You could call it a pre-emptive strike: This year’s Honda Hoot was barely over before event organizers negotiated next year’s parking deal with city staff — hinting strongly to City Council members that they wouldn’t return to Asheville without it. And, with little evidence of the vehement objections expressed this past spring, Council members bought the proposal: Allow preregistered Hoot participants to pay $3 per motorcycle for unlimited parking in designated downtown areas and metered spaces during the five-day event (late registrants will pay $5).
That’s significantly more than the $1/$3 deal Hoot organizers had initially proposed, City Finance Director Bill Schaefer told Council members at their Aug. 3 work session. And because these fees are to be paid per motorcycle (instead of per person) for Hoot 2000, the arrangement will net the city about $11,455 — nearly three times what Hoot attendees paid for parking this year, he noted.
A few months earlier, Council members — surprised to learn that Hoot participants would be paying roughly 50 cents a day to park downtown, at a time when meter rates were going up to 60 cents per hour — had made blistering comments about the deal.
This time around, however, Council member Barbara Field asked a series of specific questions about the total number of metered spaces downtown (690) and the percentage of use on a given day (individual-meter use ranges from 40 percent to 90 percent, depending on the location of the meter) At 40 percent usage, Field estimated that downtown meters (used for 10 hours a day at 60 cents per hour for five days) would yield $8,280 — which is less than what the Hoot will pay.
Some Council members couldn’t suppress a laugh at the complicated formula — but, apparently, they couldn’t quibble with the extra revenue, either: They agreed to place the proposal on the Aug. 10 consent agenda.
Imagine being able to fill out an on-line application for a city board vacancy, or send city planners your building-site plans via the Internet, or call up the zoning information on a piece of property you want to buy.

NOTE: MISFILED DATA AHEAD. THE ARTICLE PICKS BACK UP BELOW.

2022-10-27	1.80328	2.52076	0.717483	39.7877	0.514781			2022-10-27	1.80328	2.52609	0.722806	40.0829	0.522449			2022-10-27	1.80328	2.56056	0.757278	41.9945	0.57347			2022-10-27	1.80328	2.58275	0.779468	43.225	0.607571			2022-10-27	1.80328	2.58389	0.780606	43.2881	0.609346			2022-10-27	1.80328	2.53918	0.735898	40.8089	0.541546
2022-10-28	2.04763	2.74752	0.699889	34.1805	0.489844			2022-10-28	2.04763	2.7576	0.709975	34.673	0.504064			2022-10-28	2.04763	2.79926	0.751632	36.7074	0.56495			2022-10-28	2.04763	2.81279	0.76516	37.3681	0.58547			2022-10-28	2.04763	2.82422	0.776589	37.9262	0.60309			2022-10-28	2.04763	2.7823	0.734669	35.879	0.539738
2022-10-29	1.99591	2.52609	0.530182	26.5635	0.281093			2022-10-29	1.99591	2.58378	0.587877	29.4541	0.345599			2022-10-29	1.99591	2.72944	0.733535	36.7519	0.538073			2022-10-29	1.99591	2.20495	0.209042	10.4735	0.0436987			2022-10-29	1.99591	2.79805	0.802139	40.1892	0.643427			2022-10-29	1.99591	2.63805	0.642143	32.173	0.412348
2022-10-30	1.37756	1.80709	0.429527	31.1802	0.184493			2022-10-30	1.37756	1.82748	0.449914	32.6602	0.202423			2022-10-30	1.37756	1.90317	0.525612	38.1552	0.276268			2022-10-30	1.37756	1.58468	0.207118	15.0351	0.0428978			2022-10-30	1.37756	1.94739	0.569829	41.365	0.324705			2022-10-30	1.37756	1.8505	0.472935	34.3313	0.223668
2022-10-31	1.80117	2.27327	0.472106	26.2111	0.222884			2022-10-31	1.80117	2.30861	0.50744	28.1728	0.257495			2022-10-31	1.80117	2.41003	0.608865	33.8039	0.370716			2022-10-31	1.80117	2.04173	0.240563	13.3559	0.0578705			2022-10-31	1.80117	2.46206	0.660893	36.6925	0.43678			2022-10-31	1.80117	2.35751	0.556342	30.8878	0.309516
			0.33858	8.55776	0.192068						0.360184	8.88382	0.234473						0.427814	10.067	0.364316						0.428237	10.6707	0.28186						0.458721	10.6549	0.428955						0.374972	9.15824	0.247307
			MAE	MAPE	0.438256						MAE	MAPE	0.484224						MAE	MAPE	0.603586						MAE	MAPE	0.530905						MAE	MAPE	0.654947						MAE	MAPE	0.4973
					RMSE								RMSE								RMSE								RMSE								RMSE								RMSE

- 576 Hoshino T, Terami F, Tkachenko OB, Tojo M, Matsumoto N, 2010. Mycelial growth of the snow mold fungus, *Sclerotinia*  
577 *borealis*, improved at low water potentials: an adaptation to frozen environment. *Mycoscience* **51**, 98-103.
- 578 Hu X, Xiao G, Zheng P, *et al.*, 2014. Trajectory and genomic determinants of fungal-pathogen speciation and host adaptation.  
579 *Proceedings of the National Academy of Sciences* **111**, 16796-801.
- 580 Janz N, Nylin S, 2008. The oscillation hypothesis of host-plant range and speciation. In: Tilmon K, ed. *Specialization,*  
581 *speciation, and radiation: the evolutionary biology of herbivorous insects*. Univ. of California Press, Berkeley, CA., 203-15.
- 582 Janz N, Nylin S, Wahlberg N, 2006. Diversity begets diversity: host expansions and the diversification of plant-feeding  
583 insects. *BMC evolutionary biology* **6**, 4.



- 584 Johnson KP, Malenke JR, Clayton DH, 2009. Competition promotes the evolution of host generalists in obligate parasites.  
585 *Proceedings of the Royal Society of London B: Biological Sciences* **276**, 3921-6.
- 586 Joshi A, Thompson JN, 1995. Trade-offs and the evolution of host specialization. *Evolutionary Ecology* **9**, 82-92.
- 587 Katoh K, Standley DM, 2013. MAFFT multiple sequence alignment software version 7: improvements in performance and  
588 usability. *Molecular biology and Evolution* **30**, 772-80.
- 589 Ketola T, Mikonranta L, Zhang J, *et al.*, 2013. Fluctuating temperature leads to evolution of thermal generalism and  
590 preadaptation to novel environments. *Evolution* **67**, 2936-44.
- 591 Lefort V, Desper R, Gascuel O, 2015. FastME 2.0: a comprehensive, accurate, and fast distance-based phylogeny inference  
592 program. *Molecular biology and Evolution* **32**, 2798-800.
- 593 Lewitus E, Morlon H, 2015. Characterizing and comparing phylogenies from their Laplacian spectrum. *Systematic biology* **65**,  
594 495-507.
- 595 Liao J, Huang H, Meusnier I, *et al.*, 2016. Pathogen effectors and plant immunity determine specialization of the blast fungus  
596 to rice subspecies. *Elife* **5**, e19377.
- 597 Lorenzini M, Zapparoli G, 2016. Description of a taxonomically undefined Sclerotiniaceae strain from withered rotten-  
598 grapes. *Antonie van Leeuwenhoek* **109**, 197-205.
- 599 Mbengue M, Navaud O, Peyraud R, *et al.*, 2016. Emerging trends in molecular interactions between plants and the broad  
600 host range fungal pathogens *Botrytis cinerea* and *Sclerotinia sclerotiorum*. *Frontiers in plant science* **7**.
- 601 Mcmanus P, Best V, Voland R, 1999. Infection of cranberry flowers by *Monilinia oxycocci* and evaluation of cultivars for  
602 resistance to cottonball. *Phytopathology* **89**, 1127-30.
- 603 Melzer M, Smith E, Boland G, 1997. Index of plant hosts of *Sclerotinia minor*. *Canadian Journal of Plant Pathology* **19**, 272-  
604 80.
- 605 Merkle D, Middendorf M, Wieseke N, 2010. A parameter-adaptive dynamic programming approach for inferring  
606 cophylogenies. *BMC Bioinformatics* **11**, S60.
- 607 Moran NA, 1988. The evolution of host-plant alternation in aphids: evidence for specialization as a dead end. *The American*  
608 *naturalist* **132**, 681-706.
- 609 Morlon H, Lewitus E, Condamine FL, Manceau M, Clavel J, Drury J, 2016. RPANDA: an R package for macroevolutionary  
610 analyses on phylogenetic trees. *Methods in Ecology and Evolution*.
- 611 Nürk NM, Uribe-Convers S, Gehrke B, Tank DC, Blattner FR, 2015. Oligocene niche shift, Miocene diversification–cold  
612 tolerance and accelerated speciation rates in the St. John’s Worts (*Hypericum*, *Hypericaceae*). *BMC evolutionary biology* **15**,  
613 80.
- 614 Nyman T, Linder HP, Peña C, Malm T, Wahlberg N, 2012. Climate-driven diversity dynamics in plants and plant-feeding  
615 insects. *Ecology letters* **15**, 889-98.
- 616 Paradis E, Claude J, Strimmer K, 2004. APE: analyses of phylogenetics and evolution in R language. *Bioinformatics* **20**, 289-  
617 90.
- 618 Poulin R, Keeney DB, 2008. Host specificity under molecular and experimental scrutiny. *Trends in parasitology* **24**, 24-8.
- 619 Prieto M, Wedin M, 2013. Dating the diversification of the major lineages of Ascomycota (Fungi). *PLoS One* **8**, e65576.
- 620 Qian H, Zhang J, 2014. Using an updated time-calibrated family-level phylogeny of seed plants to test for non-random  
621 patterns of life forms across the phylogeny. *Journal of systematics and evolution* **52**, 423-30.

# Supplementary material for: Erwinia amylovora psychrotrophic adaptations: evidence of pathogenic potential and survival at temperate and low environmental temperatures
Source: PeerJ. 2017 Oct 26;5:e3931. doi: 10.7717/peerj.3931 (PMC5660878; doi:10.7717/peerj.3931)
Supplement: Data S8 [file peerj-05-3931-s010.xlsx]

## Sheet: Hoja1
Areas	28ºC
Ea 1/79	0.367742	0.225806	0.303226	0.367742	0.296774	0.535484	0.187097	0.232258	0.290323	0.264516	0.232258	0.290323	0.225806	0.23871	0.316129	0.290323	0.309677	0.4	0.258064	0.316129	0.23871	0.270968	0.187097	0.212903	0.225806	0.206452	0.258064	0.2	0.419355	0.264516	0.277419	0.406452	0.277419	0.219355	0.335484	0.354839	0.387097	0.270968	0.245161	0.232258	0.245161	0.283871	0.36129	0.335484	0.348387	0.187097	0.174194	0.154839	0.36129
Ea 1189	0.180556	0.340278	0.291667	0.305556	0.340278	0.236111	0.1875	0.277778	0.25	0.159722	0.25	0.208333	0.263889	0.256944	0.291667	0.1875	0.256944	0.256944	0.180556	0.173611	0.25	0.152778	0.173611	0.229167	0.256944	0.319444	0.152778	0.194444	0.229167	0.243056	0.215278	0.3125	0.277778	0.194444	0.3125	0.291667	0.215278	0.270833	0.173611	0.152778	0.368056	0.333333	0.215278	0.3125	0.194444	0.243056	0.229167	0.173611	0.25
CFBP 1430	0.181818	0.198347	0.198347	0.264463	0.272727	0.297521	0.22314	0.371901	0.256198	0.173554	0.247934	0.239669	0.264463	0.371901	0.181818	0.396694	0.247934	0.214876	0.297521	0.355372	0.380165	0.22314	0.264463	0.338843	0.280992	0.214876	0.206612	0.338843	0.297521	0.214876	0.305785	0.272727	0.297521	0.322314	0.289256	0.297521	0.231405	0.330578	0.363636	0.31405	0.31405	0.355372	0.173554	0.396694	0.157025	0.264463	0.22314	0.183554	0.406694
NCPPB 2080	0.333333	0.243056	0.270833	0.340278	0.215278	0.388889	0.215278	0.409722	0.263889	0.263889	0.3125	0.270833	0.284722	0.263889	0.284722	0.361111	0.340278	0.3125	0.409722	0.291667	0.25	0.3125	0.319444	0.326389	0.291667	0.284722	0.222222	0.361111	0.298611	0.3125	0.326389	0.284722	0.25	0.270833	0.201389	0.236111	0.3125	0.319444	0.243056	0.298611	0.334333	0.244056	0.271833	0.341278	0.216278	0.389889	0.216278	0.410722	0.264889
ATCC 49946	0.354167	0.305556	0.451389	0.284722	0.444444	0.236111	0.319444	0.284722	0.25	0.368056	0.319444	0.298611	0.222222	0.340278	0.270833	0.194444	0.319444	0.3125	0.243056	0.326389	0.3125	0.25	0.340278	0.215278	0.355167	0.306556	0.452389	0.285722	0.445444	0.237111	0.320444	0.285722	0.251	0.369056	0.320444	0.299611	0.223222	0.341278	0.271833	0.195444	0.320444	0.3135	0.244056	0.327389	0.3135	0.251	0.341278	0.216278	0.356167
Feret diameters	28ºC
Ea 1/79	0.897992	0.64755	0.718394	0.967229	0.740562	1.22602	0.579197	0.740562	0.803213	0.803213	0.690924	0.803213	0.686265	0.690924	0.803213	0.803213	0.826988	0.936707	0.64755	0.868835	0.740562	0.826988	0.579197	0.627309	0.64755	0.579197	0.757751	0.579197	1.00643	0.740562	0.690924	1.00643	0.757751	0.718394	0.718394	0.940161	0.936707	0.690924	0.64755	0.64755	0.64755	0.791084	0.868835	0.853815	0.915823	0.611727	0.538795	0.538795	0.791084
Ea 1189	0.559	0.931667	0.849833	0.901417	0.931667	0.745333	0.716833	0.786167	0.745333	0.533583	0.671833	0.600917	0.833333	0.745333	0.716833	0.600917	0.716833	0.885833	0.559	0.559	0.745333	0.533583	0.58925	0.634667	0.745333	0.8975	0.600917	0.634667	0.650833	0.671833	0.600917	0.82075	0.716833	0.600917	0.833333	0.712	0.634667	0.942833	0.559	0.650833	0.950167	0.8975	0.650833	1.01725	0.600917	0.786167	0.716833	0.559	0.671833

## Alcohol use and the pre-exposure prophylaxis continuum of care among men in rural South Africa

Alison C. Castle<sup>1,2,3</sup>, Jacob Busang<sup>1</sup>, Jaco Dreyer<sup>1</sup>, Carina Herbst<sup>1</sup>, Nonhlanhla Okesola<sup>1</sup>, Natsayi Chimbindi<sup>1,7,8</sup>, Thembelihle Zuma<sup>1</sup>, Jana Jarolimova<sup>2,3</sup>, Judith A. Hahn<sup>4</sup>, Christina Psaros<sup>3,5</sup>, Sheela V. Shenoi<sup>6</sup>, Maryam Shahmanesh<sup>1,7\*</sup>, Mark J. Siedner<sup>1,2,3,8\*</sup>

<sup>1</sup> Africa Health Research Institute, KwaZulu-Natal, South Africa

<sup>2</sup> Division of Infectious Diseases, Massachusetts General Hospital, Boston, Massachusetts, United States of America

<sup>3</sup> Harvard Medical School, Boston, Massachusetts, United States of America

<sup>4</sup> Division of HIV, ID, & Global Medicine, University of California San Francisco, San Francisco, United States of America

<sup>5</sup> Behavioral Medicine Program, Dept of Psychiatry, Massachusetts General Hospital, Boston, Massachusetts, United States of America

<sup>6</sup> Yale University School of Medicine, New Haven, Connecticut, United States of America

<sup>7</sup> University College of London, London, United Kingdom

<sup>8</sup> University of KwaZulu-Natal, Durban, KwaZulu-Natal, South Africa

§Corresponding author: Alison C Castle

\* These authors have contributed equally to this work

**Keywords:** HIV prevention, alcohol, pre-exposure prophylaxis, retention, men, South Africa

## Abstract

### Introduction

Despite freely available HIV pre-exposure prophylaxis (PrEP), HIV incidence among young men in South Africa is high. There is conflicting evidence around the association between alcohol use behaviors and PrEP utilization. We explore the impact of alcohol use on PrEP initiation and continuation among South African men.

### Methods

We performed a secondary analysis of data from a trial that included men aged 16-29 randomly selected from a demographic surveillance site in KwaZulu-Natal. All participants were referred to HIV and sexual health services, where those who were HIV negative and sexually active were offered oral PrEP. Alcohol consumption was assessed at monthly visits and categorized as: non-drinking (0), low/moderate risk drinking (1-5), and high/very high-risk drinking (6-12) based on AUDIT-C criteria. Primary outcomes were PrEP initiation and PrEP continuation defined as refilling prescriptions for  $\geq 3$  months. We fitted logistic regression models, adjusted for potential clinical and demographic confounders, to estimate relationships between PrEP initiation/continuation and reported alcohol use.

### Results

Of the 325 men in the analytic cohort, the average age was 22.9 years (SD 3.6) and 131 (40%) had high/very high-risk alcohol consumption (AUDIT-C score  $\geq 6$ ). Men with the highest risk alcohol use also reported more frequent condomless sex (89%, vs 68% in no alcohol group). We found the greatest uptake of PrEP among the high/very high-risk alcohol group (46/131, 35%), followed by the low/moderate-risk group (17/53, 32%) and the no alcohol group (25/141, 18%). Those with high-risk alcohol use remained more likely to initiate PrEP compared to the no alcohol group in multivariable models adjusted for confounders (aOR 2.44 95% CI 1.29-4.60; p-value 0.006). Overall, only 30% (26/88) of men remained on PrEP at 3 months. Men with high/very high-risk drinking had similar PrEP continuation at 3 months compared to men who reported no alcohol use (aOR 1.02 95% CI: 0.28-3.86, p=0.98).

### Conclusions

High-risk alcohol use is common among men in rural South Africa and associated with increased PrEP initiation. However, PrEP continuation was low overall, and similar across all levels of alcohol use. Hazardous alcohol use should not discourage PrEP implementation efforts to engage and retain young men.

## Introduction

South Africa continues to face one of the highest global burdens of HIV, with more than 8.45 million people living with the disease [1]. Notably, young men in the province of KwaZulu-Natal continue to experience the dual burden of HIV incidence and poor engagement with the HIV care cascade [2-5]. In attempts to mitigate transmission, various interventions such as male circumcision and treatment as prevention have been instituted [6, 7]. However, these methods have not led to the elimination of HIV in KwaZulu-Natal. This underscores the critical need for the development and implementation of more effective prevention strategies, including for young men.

That’s all in the near future for Asheville’s Web site, says Information Services Director Larry Bopp, who gave Council members a brief presentation during their Aug. 3 work session.
“Did I hear you say you’re going to put the [Unified Development Ordinance] on there?” Mayor Leni Sitnick asked.
“It’s already on disk,” said the technology-oriented Barbara Field. But she, in turn, asked Bopp to make sure those on-line, interactive applications don’t let people accidentally push the “enter” key before they’ve completed the form. “That happens to me all the time,” admitted Field.
“Teach Barbara how not to hit the … button,” teased Chuck Cloninger.
Jokes aside, the city’s Internet arrangement already provides a few modern perks — each Council member and department head has e-mail, which Vice Mayor Ed Hay said he prefers: “Talking on the phone is nice, but I can respond so easily [to e-mail].”
Asheville’s Web site also offers basic information about the city, such as population and city services, Bopp noted. Within the year, his staff will also incorporate bus and trash-pickup route information, give the site a cleaner look, and add maps directing people to city facilities — plus a variety of downloadable application forms.
But making those applications interactive, so that customers can fill them out and submit them on-line, will take more time, Bopp explained. For starters, the city will have to set up a local server for the system, instead of relying on one in Raleigh.
Other planned improvements will target the city’s intranet — an in-house communications system used by city staff — and will include publishing city policies on such issues as sexual harassment and employee Internet use, continued Bopp. His staff are also working on a system that will enable users to pay for city services on-line, using credit cards.
The advantage to all these improvements? “Our information will be available 24 hours a day, seven days a week, to fit customers’ schedules,” said Bopp.
Council members made little comment on the report, although they noted that some of the coming improvements may require more funds in next year’s budget. And Cloninger asked if there was a policy restricting who can set up links to Asheville’s site: There’s no written policy on that, and total control probably isn’t possible, Bopp replied.
Council members took no formal action on the report.